Spring exodus shows need for hukou reform
Updated: 2012-01-12 08:06
By Huang Xiangyang (China Daily)
With the curtain rising on the Spring Festival peak travel period, the largest human migration in the world is under way. But for many of those planning to celebrate the Lunar New Year with their families the journey home is proving to be harder than ever.
In a span of 40 days, prior to and after the upcoming Spring Festival holiday, an unprecedented 3.1 billion trips will be made throughout China - by road, railway, water and air.
Millions upon millions of migrant workers will spend time and money trying to purchase a train ticket home. They are willing to endure any hardship to be reunited with their families after a year of hard work away from their homes and even standing room only will do.
The sufferings migrant workers endure to get a train ticket during the Spring Festival period was brought into the media spotlight earlier this month, when Huang Qinghong, a migrant worker from Chongqing, wrote a letter of complaint to the Ministry of Railways after he failed to get a train ticket after waiting in line for days at the railway station. Eventually, local media provided Huang a free ticket to fly home.
His story raises the question, how much more can be done to help those who are not as lucky.
A national online and telephone booking system, which requires purchases be made with a personal identity card, has been launched this year in a bid to prevent crowds of ticket buyers from bursting the nation's stations at their seams and to prevent scalpers from hoarding tickets. But many migrant workers find themselves in a disadvantaged position because they don't know how to use a computer or have access to one, and those who try to book via the telephone find the lines are often busy.
For many migrant workers trying to get a ticket this year is like trying to win a lottery, as the old guarantees of getting a ticket, brute strength and endurance, are no longer valid with the introduction of the online and telephone ticket-buying system.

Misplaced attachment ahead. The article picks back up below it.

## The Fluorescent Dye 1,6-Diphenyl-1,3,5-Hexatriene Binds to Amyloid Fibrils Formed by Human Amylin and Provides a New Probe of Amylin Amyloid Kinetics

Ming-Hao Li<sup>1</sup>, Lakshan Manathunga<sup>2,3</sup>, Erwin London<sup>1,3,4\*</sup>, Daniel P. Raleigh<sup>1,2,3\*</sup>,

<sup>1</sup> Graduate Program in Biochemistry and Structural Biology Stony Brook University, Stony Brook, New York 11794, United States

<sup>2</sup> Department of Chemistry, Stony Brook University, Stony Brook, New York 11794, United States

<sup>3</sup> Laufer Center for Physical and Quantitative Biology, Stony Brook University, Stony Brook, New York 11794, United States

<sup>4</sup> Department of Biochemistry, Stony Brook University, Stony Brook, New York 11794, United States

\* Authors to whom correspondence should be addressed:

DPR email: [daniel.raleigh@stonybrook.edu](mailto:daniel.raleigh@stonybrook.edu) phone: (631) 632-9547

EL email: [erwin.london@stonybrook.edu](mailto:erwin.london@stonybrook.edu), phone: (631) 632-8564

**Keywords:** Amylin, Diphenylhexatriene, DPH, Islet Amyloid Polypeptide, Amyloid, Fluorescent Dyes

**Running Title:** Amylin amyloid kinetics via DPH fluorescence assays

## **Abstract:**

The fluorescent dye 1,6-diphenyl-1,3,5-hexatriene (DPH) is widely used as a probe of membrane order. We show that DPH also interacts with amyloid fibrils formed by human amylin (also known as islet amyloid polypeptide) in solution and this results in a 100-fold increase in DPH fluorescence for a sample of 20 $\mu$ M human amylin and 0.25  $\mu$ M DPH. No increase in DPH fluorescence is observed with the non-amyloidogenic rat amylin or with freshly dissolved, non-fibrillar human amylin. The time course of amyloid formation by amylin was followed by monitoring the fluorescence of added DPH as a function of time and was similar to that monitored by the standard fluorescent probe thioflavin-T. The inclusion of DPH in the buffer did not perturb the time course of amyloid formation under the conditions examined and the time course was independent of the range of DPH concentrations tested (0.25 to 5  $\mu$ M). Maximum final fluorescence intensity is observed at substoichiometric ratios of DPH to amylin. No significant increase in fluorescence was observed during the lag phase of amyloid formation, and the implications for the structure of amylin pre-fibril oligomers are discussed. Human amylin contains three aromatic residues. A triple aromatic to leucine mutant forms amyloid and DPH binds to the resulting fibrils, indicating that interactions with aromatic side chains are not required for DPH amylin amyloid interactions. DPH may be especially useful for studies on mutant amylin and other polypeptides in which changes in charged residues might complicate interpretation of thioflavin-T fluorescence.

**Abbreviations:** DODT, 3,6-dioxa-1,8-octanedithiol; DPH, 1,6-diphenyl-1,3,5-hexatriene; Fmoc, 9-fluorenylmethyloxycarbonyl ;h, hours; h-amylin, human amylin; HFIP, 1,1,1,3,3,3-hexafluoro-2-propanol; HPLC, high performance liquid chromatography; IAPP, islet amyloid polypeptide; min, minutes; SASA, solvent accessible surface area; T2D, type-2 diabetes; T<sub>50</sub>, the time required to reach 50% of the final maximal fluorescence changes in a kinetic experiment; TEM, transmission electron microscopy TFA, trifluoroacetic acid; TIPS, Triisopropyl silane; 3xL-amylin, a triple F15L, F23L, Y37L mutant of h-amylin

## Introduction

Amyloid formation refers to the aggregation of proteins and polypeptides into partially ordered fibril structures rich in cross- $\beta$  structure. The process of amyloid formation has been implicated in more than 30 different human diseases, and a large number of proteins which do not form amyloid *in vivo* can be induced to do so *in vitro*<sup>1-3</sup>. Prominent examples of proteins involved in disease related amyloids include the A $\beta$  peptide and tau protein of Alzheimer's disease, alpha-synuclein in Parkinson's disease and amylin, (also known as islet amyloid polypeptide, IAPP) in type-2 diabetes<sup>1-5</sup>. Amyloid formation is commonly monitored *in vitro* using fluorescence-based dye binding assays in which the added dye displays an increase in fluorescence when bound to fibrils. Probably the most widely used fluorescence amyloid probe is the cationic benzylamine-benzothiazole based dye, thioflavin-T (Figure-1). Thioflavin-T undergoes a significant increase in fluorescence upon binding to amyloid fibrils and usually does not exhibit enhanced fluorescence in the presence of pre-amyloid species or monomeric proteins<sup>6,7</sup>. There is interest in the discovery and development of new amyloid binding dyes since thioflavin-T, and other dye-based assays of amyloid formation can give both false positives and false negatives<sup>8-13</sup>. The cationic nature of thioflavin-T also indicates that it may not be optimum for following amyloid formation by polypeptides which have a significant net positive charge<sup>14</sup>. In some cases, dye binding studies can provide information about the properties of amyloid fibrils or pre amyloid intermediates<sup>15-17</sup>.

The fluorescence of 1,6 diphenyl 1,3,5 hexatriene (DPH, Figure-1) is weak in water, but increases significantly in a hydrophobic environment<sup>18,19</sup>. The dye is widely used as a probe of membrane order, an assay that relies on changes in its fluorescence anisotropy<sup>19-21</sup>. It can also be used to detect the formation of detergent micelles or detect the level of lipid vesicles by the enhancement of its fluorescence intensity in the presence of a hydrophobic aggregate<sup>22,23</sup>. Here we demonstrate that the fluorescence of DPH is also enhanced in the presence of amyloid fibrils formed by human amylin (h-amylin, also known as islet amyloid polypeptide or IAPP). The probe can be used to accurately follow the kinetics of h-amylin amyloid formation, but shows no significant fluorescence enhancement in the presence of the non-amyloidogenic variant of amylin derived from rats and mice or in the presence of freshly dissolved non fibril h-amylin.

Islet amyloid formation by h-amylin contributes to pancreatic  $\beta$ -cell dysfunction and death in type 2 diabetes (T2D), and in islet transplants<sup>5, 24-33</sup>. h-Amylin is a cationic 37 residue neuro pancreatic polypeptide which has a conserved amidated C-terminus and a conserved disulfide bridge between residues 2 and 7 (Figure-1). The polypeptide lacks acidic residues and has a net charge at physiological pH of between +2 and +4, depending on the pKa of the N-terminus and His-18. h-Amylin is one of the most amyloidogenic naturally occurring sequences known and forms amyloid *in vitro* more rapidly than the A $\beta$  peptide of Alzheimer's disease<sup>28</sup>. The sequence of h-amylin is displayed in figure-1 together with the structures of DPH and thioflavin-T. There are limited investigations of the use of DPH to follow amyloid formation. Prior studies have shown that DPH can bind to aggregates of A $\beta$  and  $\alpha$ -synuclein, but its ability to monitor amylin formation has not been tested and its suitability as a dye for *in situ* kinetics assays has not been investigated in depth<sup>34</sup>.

Some migrant workers are now finding it so hard to get a ticket they are complaining that they have been "deprived of the right to buy a train ticket".
I am not against the new move by the Ministry of Railways, which is under tremendous pressure to ensure everyone gets a ticket despite the overwhelming numbers. But although it might be easier said than done, a few adjustments might make it fairer.
For example, tickets sold online, through telephones and ticket windows could be rationed equally, so that people with different education backgrounds and skills can have an equal opportunity to get the tickets of their choice.
However, what is really needed is reform of the household registration system, or hukou, so that migrant workers can settle with their families in the cities where they work. Although hukou reform has been piloted in some cities, it is still hard for migrant workers to settle in cities - where they have often toiled for years - given the government restrictions on education, housing and healthcare.
But the nation owes a debt to these migrant workers. They work on construction sites and in factories. They build roads and bridges. They work as waitresses and domestic helpers. They serve us in shops. They are the doers, the risk-takers and the makers of things. They are the sinews on the muscle of China's economic might.
So let's start by paying respect to our migrant workers and treating them like equal human beings. I have heard too many stories about their sufferings, ranging from unpaid wages, workplace accidents, random evictions from temporary homes, and the closure of their children's schools. It is time to put an end to this.
I would also like the first day of the Lunar New Year to be a thanksgiving day for the country's 200 million migrant workers.
The author is a senior writer with China Daily.
(China Daily 01/12/2012 page8)